TRENTON, NJ (CelebrityAccess MediaWire) — A forthcoming article in Forbes reveals that the New York Giants and the New York Jets are some of the NFL's most net-worth teams, ranking fourth and sixth overall in the league.
Both teams also stand to benefit from the revenue generated by ticket sales at their brand new home at the New Meadowland Stadium, with some experts predicting a revenue increase for 2011 of as much as $100 million for each team.
However, the new stadium may prove to be a major liability for the two teams. Both the Giants and the Jets shouldered a massive debt load to build the new stadium — $650 million for the Giants and $750 million for the Jets. If, as some experts believe is likely, the NFL can't reach a contract deal with the players union and there's a lockout in 2011, both teams could be in fiscal hot water.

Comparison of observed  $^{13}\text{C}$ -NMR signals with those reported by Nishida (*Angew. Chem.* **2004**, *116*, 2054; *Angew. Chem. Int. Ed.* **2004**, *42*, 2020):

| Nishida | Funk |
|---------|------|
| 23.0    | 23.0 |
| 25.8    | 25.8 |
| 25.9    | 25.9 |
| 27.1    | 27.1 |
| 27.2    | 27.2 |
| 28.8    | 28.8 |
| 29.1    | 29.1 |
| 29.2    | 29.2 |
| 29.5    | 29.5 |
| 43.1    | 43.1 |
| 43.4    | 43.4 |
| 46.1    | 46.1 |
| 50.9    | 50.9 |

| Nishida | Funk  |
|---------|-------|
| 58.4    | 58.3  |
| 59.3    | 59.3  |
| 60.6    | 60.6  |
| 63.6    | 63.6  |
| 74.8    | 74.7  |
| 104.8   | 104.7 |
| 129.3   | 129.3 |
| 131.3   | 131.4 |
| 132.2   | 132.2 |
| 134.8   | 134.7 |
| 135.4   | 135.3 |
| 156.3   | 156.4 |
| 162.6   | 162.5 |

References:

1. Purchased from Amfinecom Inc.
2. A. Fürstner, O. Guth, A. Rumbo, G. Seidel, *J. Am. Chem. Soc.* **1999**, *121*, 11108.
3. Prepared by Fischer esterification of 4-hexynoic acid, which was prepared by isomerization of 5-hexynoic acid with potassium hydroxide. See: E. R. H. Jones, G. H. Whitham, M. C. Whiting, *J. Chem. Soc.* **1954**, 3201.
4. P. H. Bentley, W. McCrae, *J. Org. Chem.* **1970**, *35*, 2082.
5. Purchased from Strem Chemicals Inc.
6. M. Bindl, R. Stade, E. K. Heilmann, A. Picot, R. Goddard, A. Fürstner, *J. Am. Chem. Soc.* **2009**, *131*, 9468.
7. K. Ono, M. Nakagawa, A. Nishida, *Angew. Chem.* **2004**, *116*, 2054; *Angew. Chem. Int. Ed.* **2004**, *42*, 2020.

"The Giants and Jets are both taking substantial risks by going out and borrowing $1.4 billion," Forbes senior editor Kurt Badenhausen said in an interview with the New York Daily News. "The Giants' and Jets' built-in costs of servicing debt are so much higher. If we have a lockout, they still have to pay the interest on their debt, even if nobody's buying a ticket."
Meanwhile, New Jersey taxpayers are still on the hook to the tune of $110 million for public financing for the construction the now-demolished old Giants Stadium. According to the New York Times, the public debt for the former stadium was originally set to be paid off in the mid 1990s but money that had originally been planned to pay the debt down was diverted to other purposes such as the Camden Aquarium, the Times said.
The New Jersey Sports Authority now expects the debt to be retired in 2025, costing taxpayers a projected $226 million when all is said and done. This is approximately 2.8 times the original $78 million dollar cost for the construction of the stadium, which debuted in 1976.
New Jersey, like many states in the U.S., is facing significant budget shortfalls with the states' nonpartisan Office of Legislative Services projecting a deficit of that may top $10 billion in the next fiscal year. – CelebrityAccess Staff Writers